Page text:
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Virtual desktops and storage

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Server virtualization has had a profound impact on storage infrastructures, but the coming wave of desktop virtualization will place new demands on storage environments.

Desktop and laptop computers are among the most difficult IT assets to manage. Because they reside with users, and are numerous and distributed by nature, many companies simply defer critical desktop management tasks, such as data protection and patching, to users. That may seem like a practical strategy to some organizations, but it poses great risks in the areas of compliance, security and IT governance in general. Products to address these issues are plentiful -- from expensive desktop management applications to client-side backup and security tools -- but they're mainly point solutions and can be costly.

For storage managers, virtualizing desktops should be a real concern as all of the operating systems, applications and data currently residing on desktop and laptop PCs will need to find a new home in the data center storage environment. The required storage resources, as well as their ongoing management and administration, could be staggering.

VDI promise and challenges

Virtual desktop infrastructure (VDI) -- Stamford, Conn.-based Gartner Inc. categorizes it as hosted virtual desktops -- has the potential to cure this ongoing IT ailment by moving desktops into the data center. Instead of booting a local client-side operating system (OS), users connect via

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a browser or thin client to a virtual desktop that runs as a virtual machine (VM) on a server in the data center. Consequently, ownership of the desktop transfers from the user to IT and, by centralizing desktops, the long list of daunting desktop management tasks is greatly reduced.

Wide adoption of VDI beyond a limited number of use cases has been stifled thus far by its lack of mobility and the need to stay connected. But that's about to change. Citrix Systems Inc. and VMware Inc. have been developing offline VDI technologies that enable users to take virtualized desktops on the road while remaining secure and compliant with centrally managed policies. Offline capabilities have the potential to catapult virtual desktop infrastructure from a niche application to mainstream deployment. While Citrix Systems has partnered with Intel Corp. to develop the bare-metal Citrix Thin Client client-side hypervisor, which runs the virtual desktop on the client while disconnected from the server, VMware has released an experimental version of its Offline Desktop software, which enables users to check out their desktop and take it on the road.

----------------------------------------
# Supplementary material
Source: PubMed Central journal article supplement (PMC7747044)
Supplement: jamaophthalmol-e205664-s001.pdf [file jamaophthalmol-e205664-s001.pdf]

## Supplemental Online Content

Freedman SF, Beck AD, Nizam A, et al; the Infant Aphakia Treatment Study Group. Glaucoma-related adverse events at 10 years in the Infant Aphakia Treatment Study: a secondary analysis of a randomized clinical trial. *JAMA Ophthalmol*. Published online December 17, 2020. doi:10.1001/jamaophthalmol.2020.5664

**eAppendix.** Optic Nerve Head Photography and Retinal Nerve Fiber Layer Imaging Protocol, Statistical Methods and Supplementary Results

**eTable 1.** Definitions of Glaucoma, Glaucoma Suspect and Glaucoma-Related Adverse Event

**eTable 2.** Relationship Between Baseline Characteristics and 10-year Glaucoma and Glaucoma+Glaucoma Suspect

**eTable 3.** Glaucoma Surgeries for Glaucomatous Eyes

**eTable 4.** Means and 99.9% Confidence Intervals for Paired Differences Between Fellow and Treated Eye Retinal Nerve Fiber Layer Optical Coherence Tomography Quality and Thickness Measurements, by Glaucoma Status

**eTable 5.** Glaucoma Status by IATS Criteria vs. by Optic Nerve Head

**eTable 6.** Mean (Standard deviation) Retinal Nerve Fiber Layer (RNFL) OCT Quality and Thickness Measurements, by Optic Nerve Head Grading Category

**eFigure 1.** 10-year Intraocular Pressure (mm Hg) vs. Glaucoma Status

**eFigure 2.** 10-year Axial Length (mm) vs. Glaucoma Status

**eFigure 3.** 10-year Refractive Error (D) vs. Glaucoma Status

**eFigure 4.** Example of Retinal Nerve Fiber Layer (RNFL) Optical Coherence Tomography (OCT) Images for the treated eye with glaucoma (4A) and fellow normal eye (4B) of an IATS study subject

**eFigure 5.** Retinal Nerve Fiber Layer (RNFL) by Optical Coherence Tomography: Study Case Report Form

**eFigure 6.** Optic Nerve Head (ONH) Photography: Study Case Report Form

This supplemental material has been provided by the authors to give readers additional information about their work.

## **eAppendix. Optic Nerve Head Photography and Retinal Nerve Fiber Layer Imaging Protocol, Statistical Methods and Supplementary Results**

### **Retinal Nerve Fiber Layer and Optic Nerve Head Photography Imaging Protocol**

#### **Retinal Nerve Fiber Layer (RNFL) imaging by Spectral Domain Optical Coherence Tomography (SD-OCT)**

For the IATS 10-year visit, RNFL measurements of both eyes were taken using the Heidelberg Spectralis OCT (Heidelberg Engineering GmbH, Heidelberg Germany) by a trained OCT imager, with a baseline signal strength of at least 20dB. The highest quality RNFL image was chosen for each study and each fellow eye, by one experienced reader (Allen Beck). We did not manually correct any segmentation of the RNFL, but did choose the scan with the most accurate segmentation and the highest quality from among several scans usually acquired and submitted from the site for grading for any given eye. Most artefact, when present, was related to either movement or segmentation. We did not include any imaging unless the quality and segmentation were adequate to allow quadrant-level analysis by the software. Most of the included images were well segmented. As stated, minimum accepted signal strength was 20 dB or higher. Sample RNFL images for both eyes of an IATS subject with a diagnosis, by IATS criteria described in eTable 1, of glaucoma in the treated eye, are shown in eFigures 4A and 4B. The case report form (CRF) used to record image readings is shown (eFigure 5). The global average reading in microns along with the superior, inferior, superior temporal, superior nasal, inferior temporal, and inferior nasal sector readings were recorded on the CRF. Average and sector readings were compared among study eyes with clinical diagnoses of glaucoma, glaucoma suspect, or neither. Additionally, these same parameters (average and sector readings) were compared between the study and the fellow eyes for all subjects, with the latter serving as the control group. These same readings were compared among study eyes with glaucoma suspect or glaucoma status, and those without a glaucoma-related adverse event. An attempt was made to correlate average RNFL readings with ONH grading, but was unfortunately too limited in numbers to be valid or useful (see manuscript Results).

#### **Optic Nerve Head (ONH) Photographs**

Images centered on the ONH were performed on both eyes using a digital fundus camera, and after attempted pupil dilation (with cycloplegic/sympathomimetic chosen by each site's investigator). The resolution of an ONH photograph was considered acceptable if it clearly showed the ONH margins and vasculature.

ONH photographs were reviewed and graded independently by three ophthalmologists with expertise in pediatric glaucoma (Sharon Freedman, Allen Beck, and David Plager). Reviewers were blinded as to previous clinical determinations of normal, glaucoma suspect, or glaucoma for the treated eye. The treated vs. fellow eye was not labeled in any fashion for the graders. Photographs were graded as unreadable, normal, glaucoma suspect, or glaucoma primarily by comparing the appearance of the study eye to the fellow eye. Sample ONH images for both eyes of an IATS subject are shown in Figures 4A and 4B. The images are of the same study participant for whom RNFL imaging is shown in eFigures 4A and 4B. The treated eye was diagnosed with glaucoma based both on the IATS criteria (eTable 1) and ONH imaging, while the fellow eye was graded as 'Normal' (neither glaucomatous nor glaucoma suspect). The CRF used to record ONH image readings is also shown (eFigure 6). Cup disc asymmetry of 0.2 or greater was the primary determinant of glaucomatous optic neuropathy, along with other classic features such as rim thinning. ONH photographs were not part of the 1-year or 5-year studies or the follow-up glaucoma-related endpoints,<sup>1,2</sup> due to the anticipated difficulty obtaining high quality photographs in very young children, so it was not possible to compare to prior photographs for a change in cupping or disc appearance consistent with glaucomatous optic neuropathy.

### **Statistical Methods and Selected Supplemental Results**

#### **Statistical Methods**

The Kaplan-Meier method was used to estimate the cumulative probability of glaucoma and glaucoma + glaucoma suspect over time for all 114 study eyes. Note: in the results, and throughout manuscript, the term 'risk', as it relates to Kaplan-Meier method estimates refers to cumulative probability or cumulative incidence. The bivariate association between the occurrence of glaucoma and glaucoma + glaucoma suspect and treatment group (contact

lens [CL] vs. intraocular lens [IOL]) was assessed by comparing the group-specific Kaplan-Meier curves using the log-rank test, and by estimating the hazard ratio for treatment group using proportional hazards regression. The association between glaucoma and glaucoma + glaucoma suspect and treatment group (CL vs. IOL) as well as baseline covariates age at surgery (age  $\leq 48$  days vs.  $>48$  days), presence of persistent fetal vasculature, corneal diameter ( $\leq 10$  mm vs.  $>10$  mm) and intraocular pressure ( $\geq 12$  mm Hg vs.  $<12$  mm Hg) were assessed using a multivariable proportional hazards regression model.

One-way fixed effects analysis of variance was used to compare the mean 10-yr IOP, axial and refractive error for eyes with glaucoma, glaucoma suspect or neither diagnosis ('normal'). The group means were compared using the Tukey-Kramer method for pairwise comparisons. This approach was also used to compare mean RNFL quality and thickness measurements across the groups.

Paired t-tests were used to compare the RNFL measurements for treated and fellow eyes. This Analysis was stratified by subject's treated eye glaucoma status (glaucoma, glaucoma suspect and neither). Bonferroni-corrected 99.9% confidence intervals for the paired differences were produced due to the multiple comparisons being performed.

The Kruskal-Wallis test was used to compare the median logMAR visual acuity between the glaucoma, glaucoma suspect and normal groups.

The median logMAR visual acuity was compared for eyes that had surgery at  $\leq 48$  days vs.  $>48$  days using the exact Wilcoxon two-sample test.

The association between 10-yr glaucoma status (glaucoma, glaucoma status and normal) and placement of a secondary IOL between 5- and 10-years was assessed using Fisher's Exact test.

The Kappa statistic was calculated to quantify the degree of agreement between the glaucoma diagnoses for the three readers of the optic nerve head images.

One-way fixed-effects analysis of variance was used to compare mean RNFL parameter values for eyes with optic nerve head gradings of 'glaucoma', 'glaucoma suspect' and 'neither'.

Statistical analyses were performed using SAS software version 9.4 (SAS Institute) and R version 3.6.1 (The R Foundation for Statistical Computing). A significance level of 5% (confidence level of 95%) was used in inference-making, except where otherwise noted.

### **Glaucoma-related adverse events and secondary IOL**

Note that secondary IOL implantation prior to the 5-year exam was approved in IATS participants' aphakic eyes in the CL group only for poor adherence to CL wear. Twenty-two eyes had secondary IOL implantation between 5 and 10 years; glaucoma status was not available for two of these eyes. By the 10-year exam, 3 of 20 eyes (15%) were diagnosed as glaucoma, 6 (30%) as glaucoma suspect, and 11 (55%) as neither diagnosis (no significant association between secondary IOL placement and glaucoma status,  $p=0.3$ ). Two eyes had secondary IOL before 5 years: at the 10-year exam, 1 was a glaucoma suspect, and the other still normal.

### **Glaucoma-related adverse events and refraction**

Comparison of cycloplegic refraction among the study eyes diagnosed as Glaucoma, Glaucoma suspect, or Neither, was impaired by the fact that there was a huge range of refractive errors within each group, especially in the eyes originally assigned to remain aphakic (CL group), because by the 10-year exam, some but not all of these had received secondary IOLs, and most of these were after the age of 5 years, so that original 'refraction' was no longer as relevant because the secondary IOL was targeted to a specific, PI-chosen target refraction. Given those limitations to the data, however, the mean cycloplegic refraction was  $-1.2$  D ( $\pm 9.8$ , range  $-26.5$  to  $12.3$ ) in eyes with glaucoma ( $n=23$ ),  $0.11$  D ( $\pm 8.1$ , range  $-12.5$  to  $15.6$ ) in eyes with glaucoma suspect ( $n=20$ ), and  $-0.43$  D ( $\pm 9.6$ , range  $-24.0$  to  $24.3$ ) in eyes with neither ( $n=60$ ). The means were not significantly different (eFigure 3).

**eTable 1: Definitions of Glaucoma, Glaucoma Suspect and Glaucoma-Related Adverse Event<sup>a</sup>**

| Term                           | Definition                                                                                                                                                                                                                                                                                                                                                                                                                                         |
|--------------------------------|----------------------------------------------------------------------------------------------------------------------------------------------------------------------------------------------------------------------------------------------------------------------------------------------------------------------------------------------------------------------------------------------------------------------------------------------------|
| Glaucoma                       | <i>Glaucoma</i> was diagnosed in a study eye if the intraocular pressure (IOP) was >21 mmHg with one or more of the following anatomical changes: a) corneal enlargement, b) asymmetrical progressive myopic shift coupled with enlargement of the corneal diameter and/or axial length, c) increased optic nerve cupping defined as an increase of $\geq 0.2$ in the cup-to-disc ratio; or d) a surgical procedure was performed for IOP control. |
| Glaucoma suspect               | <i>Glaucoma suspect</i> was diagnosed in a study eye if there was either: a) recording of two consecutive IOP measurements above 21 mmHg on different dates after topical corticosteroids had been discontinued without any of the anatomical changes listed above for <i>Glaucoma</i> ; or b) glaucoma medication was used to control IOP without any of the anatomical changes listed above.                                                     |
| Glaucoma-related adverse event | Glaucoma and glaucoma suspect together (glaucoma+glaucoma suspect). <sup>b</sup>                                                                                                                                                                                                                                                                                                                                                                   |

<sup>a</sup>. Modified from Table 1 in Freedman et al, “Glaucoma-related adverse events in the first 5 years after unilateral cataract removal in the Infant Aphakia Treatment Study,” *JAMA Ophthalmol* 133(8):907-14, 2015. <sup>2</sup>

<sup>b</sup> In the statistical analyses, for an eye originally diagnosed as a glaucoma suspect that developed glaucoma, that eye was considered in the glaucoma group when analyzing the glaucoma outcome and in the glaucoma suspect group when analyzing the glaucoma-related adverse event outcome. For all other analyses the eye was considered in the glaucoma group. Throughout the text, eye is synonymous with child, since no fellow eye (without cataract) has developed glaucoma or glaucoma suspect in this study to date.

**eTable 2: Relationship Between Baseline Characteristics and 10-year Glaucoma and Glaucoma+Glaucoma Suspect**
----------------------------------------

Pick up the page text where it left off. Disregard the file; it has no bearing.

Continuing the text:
"For VDI to become widely adopted in the enterprise, mobility and the ability to take desktops offline are instrumental, and we should see offline VDI production deployments by 2010," said Mark Bowker, an analyst at Milford, Mass.-based Enterprise Strategy Group (ESG).

A second key requirement for VDI to prevail is user experience. Virtual desktops need to have the look-and-feel and flexibility of traditional thick clients. Unless audio, video and graphics capabilities, and peripheral support is comparable to (or at least close to) traditional desktops and laptops, virtual desktop infrastructure is likely to continue its niche existence and share the fate of the very thin, but relatively static, terminal server-based computing approach. But great efforts have been put into the Remote Desktop Protocol (RDP) to close the user experience gap between thick clients and VDI clients. Citrix Systems, with its Independent Computing Architecture (ICA) protocol and High Definition Experience (HDX) extensions, currently has the most comprehensive multimedia and peripheral support. Comparably, VMware has partnered with Teradici Corp. to develop a software-only version of PC-over-IP to deliver multimedia to VDI clients beyond the rudimentary capabilities of the standard RDP protocol.

This was first published in August 2009

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